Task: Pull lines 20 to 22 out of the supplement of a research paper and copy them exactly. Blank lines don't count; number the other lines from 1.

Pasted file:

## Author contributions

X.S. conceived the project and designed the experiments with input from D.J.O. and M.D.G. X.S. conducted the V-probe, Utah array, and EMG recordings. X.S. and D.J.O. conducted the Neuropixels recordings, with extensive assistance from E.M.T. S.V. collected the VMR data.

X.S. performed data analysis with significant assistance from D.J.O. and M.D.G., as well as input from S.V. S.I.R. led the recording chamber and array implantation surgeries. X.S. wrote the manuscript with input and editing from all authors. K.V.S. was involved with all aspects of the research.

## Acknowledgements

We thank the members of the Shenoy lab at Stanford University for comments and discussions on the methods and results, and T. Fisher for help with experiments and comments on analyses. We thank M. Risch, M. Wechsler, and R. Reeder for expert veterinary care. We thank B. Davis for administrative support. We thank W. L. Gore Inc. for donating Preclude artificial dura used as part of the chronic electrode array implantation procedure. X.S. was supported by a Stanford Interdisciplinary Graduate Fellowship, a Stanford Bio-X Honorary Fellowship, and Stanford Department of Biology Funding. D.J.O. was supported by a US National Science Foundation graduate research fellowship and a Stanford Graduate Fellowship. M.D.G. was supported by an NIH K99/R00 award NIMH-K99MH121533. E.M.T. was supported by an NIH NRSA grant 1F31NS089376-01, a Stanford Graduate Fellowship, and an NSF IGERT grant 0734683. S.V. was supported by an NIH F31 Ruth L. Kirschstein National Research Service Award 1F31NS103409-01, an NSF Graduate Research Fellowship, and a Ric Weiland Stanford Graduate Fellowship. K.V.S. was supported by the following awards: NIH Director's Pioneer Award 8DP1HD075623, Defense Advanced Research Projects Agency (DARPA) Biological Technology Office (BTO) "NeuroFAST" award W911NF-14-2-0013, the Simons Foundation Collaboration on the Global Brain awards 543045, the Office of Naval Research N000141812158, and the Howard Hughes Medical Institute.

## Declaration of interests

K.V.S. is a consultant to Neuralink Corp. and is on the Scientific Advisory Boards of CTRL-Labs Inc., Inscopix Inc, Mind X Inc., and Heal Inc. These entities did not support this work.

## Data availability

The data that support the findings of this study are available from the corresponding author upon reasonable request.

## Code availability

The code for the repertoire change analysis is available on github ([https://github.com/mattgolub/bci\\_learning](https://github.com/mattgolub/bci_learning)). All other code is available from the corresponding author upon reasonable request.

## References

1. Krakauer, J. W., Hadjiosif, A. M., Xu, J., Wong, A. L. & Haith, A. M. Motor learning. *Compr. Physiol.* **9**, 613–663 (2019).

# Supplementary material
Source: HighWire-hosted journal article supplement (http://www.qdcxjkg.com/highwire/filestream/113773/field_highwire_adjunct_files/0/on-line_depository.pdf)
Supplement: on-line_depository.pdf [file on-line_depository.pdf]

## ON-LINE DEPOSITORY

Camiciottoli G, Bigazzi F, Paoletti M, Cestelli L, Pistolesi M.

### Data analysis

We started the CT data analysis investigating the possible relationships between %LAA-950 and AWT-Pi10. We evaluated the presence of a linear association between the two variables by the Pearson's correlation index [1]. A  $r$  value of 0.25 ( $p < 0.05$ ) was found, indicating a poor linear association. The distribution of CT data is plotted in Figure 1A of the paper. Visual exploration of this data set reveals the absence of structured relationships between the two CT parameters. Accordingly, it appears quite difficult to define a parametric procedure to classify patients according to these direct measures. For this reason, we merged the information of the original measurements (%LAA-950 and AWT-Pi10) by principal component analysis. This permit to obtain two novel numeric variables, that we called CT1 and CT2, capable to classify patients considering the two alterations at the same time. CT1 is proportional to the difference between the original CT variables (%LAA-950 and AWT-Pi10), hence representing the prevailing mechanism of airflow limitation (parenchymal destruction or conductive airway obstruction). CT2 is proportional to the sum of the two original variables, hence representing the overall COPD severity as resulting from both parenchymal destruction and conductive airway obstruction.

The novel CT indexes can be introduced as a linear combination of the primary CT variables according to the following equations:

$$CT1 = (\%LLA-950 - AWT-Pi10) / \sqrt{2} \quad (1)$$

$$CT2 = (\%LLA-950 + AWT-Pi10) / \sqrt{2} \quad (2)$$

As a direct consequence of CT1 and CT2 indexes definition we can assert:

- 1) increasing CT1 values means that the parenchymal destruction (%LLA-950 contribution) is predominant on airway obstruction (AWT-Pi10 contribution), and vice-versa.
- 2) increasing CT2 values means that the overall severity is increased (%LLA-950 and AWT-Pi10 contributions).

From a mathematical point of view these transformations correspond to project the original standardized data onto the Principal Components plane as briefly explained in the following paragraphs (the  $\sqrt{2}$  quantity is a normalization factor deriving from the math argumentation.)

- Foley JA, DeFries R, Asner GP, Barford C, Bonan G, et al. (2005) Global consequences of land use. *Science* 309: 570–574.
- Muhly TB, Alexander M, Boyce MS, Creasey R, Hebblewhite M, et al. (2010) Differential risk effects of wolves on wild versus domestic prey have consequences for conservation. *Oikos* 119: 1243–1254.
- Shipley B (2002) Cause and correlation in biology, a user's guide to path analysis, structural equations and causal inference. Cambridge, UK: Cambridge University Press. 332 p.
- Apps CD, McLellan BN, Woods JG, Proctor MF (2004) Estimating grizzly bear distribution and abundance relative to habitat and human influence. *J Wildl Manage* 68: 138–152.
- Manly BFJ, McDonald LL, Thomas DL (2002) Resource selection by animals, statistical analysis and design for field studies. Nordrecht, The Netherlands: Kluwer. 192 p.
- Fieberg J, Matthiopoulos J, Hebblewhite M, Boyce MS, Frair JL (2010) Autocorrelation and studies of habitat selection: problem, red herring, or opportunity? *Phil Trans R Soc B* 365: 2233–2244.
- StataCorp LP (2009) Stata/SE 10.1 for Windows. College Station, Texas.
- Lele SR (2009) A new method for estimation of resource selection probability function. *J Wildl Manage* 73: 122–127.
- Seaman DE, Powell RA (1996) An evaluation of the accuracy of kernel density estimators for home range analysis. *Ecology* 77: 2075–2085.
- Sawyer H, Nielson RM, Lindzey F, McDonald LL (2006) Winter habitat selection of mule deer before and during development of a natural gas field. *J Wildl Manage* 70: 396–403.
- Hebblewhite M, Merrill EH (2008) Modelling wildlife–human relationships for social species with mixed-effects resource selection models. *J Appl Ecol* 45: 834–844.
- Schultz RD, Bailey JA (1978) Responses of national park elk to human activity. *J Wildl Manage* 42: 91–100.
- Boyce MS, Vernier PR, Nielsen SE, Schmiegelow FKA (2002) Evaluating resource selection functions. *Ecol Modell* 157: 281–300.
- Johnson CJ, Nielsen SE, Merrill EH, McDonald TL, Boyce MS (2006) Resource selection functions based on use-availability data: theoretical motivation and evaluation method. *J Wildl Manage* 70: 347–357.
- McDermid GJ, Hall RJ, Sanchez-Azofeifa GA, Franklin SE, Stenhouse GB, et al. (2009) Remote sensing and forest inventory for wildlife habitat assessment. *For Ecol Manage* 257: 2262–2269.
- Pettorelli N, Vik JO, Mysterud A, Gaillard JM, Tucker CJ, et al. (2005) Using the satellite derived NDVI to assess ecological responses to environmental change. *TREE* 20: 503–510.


We started the CT data analysis investigating the possible relationships between %LAA-950 and AWT-Pi10. We evaluated the presence of a linear association between the two variables by the Pearson's correlation index [1]. A  $r$  value of 0.25 ( $p < 0.05$ ) was found, indicating a poor linear association. The distribution of CT data is plotted in Figure 1A of the paper. Visual exploration of this data set reveals the absence of structured relationships between the two CT parameters. Accordingly, it appears quite difficult to define a parametric procedure to classify patients according to these direct measures. For this reason, we merged the information of the original measurements (%LAA-950 and AWT-Pi10) by principal component analysis. This permit to obtain two novel numeric variables, that we called CT1 and CT2, capable to classify patients considering the two alterations at the same time. CT1 is proportional to the difference between the original CT variables (%LAA-950 and AWT-Pi10), hence representing the prevailing mechanism of airflow limitation (parenchymal destruction or conductive airway obstruction). CT2 is proportional to the sum of the two original variables, hence representing the overall COPD severity as resulting from both parenchymal destruction and conductive airway obstruction.

The novel CT indexes can be introduced as a linear combination of the primary CT variables according to the following equations:

$$CT1 = (\%LLA-950 - AWT-Pi10) / \sqrt{2} \quad (1)$$